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When On Balance Volume falls over

By May 30, 2016Uncategorized


As featured in the Herald Sun – Friday 27th May 2016.
By David McCulloch – Market educator and consultant to Share Wealth Systems

A common indicator frequently used to help clarify volume activity is “On Balance Volume” or simply OBV. Most Stock charts will highlight volume at the base as a series of bars or histograms and these simply represent the number of shares transacted in a given day. The volume bars however don’t tell you whether the activity was associated with buying pressure or selling pressure. This is when OBV is often used to help understand the associated price movement, and it is shown as a simple oscillator on the chart.

On Balance Volume is just the cumulative total of volume and is calculated like this. If today’s closing price is higher than yesterday’s closing price, then todays volume is added to the cumulative total. Conversely, if today’s closing price is lower than yesterday’s closing price, then today’s volume will be subtracted from the cumulative total. In this way by looking at the OBV oscillator you get a “running total” of volume and whether it is rising or falling.

A rising OBV means that buying “pressure” is increasing because by design it is comparing today’s closing price with yesterdays. Traditionally technical analysts would look for stocks that have a rising OBV because it suggested that the buying pressure is high and would presumably continue. This is where in my opinion, the OBV interpretation has its weakness.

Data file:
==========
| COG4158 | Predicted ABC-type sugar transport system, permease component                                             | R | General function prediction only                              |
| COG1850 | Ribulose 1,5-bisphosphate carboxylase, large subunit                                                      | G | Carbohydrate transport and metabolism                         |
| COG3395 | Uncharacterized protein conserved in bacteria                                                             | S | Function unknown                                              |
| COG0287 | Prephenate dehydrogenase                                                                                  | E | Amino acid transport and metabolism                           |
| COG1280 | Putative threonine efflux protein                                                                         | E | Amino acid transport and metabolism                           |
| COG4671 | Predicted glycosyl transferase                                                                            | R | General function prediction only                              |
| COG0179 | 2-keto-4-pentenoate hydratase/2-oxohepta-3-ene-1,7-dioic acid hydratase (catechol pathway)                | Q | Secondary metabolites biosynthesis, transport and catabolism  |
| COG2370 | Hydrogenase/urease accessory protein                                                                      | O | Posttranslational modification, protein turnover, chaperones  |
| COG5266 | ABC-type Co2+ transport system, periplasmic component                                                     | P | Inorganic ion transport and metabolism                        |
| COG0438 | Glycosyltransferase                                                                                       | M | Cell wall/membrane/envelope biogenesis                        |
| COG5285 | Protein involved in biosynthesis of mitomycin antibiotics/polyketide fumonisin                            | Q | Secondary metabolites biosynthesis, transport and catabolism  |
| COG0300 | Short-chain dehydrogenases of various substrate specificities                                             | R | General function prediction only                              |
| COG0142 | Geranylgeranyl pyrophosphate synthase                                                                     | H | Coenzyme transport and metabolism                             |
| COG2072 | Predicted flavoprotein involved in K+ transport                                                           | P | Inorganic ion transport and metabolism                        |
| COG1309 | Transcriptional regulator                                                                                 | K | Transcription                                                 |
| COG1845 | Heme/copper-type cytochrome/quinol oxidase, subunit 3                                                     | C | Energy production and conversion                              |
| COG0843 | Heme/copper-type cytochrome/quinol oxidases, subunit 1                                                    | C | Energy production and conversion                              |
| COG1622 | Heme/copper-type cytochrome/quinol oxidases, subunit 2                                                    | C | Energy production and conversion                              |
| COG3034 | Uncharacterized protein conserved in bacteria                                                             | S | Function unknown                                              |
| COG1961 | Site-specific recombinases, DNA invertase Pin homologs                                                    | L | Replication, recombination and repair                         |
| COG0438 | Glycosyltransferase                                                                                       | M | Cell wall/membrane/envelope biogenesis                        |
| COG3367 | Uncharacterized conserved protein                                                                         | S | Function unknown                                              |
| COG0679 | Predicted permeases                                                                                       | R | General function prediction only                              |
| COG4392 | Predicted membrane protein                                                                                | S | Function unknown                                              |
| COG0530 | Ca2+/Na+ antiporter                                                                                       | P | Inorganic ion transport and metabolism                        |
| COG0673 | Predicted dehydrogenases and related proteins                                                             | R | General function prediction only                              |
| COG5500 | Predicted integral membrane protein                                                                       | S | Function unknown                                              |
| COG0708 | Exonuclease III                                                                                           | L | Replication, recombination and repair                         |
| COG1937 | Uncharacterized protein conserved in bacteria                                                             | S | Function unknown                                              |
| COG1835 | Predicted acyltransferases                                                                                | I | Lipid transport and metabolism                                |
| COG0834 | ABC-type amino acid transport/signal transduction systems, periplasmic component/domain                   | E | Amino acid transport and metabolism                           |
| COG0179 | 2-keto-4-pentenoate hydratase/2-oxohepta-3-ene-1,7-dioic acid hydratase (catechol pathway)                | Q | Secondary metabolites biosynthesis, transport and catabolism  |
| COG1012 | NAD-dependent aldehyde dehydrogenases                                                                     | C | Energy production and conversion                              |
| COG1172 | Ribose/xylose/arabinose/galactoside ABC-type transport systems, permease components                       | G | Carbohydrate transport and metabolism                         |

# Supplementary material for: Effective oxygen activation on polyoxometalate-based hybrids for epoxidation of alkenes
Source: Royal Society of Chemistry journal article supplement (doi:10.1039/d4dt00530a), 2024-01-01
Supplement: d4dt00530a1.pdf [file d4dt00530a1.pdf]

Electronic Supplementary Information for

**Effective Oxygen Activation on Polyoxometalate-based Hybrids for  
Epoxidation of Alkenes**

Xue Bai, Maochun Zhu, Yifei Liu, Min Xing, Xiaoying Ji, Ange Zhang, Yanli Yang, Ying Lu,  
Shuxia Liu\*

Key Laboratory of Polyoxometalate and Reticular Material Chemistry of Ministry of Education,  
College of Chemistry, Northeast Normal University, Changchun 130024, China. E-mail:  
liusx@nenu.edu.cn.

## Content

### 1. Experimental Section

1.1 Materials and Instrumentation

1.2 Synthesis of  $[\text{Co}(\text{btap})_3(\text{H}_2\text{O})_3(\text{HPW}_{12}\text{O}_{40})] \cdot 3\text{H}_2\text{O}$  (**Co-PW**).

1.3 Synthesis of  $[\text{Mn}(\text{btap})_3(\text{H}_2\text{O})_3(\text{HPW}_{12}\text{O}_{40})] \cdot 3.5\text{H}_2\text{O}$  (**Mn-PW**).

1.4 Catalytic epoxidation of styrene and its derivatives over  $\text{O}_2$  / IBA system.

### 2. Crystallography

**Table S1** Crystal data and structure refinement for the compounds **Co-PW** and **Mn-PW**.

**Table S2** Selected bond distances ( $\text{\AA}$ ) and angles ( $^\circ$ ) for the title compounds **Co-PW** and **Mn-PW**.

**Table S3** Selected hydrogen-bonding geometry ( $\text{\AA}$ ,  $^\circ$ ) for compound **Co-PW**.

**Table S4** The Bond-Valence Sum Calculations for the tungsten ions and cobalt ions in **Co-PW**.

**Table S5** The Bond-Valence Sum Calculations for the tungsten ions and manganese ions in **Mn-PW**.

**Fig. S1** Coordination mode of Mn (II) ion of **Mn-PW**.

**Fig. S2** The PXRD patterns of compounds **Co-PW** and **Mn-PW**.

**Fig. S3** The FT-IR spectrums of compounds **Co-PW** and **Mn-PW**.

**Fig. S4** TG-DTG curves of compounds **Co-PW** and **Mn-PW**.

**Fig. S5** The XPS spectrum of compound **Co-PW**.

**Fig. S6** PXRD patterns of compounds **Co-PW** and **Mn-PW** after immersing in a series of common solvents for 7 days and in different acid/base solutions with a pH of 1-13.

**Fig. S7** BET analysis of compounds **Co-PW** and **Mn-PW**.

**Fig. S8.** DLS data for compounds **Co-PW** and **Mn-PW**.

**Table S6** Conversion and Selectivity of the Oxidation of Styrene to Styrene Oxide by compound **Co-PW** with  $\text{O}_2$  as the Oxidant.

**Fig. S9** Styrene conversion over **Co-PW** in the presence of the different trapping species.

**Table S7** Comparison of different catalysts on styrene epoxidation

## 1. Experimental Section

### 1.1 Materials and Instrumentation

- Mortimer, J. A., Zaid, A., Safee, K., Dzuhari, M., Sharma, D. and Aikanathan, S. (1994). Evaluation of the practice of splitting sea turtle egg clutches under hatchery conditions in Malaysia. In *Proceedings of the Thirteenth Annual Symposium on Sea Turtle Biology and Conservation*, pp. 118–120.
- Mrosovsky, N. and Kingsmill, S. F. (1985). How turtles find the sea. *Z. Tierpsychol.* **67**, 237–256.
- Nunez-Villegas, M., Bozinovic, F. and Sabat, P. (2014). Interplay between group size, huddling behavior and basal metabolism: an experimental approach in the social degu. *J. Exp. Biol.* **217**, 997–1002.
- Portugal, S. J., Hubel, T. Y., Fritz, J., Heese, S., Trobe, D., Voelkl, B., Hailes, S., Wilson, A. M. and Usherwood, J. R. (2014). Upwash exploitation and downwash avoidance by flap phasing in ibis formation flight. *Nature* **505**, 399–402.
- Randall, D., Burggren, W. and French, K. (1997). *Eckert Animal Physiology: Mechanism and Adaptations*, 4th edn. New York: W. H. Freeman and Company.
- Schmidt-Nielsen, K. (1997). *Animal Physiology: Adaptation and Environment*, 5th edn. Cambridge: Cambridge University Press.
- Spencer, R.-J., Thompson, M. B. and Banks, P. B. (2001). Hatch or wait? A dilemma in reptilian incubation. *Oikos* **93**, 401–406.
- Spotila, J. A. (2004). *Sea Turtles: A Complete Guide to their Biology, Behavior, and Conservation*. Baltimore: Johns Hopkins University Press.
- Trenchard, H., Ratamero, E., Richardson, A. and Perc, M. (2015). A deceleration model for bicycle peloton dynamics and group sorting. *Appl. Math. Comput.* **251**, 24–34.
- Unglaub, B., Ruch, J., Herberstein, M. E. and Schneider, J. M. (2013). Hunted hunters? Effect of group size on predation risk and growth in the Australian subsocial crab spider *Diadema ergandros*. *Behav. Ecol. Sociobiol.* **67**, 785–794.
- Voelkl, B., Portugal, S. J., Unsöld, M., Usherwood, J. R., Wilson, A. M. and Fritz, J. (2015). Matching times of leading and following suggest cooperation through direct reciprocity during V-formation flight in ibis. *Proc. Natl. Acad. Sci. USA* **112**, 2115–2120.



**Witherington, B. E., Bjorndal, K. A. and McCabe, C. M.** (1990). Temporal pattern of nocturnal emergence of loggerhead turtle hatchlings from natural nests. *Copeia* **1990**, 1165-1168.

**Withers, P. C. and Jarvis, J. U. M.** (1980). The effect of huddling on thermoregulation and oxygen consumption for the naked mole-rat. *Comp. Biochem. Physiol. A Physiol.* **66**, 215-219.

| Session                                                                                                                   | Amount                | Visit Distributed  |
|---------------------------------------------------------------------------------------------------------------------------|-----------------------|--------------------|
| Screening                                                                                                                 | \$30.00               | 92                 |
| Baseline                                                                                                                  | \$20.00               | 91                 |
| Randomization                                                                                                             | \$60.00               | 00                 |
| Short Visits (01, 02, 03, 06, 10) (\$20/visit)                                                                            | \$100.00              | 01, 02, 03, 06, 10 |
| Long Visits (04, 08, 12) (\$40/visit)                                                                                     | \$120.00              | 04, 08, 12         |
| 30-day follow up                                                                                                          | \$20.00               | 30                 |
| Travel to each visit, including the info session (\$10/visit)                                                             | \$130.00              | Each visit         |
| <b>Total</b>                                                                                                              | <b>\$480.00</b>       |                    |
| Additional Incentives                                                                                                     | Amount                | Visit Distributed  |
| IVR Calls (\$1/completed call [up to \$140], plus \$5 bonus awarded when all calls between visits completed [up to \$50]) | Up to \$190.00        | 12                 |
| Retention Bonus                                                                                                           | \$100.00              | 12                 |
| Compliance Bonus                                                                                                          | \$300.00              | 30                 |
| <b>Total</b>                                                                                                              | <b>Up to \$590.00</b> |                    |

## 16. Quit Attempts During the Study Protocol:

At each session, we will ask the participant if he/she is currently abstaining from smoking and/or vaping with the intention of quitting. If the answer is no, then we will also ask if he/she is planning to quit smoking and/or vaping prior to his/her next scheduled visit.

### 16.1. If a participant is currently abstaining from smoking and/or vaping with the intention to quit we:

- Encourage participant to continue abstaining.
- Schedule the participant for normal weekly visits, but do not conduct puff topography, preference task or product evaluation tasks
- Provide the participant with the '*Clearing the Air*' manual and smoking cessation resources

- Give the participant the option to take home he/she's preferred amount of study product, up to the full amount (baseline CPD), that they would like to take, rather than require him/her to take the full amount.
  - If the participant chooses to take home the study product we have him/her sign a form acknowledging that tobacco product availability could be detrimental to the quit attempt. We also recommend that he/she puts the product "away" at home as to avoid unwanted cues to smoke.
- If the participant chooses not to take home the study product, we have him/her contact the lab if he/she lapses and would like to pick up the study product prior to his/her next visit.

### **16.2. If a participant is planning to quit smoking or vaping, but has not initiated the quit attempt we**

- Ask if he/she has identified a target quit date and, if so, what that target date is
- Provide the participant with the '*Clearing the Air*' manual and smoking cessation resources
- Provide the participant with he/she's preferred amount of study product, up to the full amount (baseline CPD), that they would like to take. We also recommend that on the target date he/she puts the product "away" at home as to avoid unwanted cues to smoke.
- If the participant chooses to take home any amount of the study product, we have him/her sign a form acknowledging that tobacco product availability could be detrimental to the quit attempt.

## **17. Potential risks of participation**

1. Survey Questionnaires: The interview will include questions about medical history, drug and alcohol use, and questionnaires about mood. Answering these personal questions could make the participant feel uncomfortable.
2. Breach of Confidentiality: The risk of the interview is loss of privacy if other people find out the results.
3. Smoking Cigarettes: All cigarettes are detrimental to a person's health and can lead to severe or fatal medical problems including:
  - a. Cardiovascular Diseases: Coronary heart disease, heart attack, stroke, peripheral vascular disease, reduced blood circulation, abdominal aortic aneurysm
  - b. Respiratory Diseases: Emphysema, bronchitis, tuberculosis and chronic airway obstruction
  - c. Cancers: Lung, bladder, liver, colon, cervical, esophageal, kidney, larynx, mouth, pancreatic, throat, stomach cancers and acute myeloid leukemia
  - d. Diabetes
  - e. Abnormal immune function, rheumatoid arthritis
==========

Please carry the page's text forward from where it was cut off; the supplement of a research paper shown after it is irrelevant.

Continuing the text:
Let me explain. Prices do not always rise on rising volume and this is why it is important to consider volume and price action together. Imagine a stock that everyone owned because it was perceived to be of great value. If you owned the stock, what would it take for you to sell it? More than likely you’re going to hold onto it no matter what. Of the few people who don’t own the stock, but want a piece of the action, they will have to compete in the market for any remaining shares.

Like trying to lever limpets off a boat, the few buyers will have to offer higher and higher prices to entice the “limpets” to sell. The volume of sales for the day is likely to be well down and yet we know that each sale was likely occurring at higher and higher levels. How would I know this? Simply, look at the chart and the price bar for the day. If the price opened at the same level as it closed the day before, but closed significantly higher today then it’s clear that even though there were few buyers, there was lots of conviction amongst them and the buying “pressure” was enormous. The OBV would in this case be flat and therefore misleading.

On any chart there are always three pieces of data, price, volume and time. Every known indicator is a function of that information. Understanding how those three relate to each other is what technical analysis is all about. Master them and you’ll be surprised what secrets lie beneath.

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